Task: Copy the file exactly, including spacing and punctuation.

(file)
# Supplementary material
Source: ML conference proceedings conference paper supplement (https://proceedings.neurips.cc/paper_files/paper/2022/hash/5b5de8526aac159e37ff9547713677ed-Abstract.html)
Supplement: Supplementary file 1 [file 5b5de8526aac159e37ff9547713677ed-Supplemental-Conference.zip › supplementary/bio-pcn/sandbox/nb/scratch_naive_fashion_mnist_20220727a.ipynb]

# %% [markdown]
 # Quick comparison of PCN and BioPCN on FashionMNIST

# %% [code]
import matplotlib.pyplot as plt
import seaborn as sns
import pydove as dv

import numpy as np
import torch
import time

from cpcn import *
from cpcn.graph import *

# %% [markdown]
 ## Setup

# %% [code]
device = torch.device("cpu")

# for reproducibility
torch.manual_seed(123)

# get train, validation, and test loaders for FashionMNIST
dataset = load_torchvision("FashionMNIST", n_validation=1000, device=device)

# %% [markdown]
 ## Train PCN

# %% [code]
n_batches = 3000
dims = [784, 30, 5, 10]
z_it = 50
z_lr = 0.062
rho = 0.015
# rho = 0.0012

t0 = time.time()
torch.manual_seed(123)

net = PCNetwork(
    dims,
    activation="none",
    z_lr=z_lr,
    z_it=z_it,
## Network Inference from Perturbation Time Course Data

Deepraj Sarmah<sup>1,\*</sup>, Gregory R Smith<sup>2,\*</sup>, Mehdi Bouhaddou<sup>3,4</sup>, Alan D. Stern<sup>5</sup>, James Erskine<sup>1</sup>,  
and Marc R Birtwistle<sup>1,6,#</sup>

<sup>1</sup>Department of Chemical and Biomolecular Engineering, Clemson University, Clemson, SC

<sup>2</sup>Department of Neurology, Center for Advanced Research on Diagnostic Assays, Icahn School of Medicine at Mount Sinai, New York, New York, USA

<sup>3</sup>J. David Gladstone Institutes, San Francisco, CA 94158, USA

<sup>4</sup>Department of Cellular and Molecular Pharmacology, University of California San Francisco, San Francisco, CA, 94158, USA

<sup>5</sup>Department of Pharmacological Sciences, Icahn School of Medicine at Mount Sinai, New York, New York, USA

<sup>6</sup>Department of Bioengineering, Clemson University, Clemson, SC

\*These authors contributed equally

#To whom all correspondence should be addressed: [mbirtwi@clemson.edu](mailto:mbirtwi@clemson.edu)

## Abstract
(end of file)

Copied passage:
# Supplementary material
Source: ML conference proceedings conference paper supplement (https://proceedings.neurips.cc/paper_files/paper/2022/hash/5b5de8526aac159e37ff9547713677ed-Abstract.html)
Supplement: Supplementary file 1 [file 5b5de8526aac159e37ff9547713677ed-Supplemental-Conference.zip › supplementary/bio-pcn/sandbox/nb/scratch_naive_fashion_mnist_20220727a.ipynb]

# %% [markdown]
 # Quick comparison of PCN and BioPCN on FashionMNIST

# %% [code]
import matplotlib.pyplot as plt
import seaborn as sns
import pydove as dv

import numpy as np
import torch
import time

from cpcn import *
from cpcn.graph import *

# %% [markdown]
 ## Setup

# %% [code]
device = torch.device("cpu")

# for reproducibility
torch.manual_seed(123)

# get train, validation, and test loaders for FashionMNIST
dataset = load_torchvision("FashionMNIST", n_validation=1000, device=device)

# %% [markdown]
 ## Train PCN

# %% [code]
n_batches = 3000
dims = [784, 30, 5, 10]
z_it = 50
z_lr = 0.062
rho = 0.015
# rho = 0.0012

t0 = time.time()
torch.manual_seed(123)

net = PCNetwork(
    dims,
    activation="none",
    z_lr=z_lr,
    z_it=z_it,
## Network Inference from Perturbation Time Course Data

Deepraj Sarmah<sup>1,\*</sup>, Gregory R Smith<sup>2,\*</sup>, Mehdi Bouhaddou<sup>3,4</sup>, Alan D. Stern<sup>5</sup>, James Erskine<sup>1</sup>,  
and Marc R Birtwistle<sup>1,6,#</sup>

<sup>1</sup>Department of Chemical and Biomolecular Engineering, Clemson University, Clemson, SC

<sup>2</sup>Department of Neurology, Center for Advanced Research on Diagnostic Assays, Icahn School of Medicine at Mount Sinai, New York, New York, USA

<sup>3</sup>J. David Gladstone Institutes, San Francisco, CA 94158, USA

<sup>4</sup>Department of Cellular and Molecular Pharmacology, University of California San Francisco, San Francisco, CA, 94158, USA

<sup>5</sup>Department of Pharmacological Sciences, Icahn School of Medicine at Mount Sinai, New York, New York, USA

<sup>6</sup>Department of Bioengineering, Clemson University, Clemson, SC

\*These authors contributed equally

#To whom all correspondence should be addressed: [mbirtwi@clemson.edu](mailto:mbirtwi@clemson.edu)

## Abstract